Last Sunday, we had a Liturgy Lab discussion about church furniture, and how changing the orientation of the altar, pulpit/lectern, font, and seating change our experience of worship. It was an interesting discussion.
Then we experimented with the orientation of our furniture of worship during our 10AM service. Since we were worshiping in the parish hall, we placed our movable altar in the center of the room, and oriented the lectern and baptismal font on either side. We then sat “collegiate” or “monastic” style with the chairs lined up on either side, facing each other (sort of like the choir seating area is arranged in the chancel of the church building itself). This had the effect of putting the altar and the Eucharistic prayer right in the middle of everything. The idea was that the presence of Christ is found in Communion, right in our midst.
While there will not be a Liturgy Lab discussion, this Sunday the experiment continues. We are going to try a different orientation of our worship space while we worship in the parish hall. During last week’s discussion, we talked about “praying toward the East.” It was the ancient practice of the church until the 20th century to pray facing east. Praying facing the direction of the rising sun is symbolic of our hope in the return of God’s son, Jesus Christ. Our hope is that God’s Son will return one day to judge the living and the dead and to bring about God’s reign of righteousness & perfect peace. For centuries, this hope was symbolically expressed by facing the east during liturgical prayer. Logistically, this means that the priest presiding over the Eucharistic prayer and the people all faced the same direction (east) while praying to God. As liturgical scholar, U.M. Lang writes, “When we speak to someone we obviously face that person. Accordingly, the whole liturgical assembly, priest and people, should face the same way, turning towards God to whom prayers and offerings are addressed in this common act of trinitarian worship.”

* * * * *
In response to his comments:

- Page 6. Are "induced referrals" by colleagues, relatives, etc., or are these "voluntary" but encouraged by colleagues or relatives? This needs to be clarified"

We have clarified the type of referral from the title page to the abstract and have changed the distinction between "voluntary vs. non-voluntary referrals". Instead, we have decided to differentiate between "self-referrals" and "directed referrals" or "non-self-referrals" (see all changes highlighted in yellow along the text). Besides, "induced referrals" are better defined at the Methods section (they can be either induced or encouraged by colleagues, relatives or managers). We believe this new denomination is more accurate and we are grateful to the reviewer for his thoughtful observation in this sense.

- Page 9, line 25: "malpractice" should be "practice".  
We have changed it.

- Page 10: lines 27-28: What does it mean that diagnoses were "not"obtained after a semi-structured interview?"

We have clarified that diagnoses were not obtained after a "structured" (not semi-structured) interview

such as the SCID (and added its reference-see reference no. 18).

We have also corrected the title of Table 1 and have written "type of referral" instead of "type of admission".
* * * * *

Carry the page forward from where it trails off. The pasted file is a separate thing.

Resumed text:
This practice ought to emphasize that when the priest says the Eucharist, it isn’t a performance. He or she isn’t saying the prayer to the people, but rather, he or she is a representative of the people offering the prayer and other offerings to God on the people’s behalf.
Accordingly, our liturgical experiment for this Sunday will be that we will orient the altar and the chairs so that we all face east when we pray to God. It ought to be fun. I am very interested in hearing from you how this orientation (and last week’s orientation) change the experience of worship for you.
U.M. Lang, Turning Toward the Lord: Orientation in Liturgical Prayer. San Francisco: Ignatius Press (2004), 32.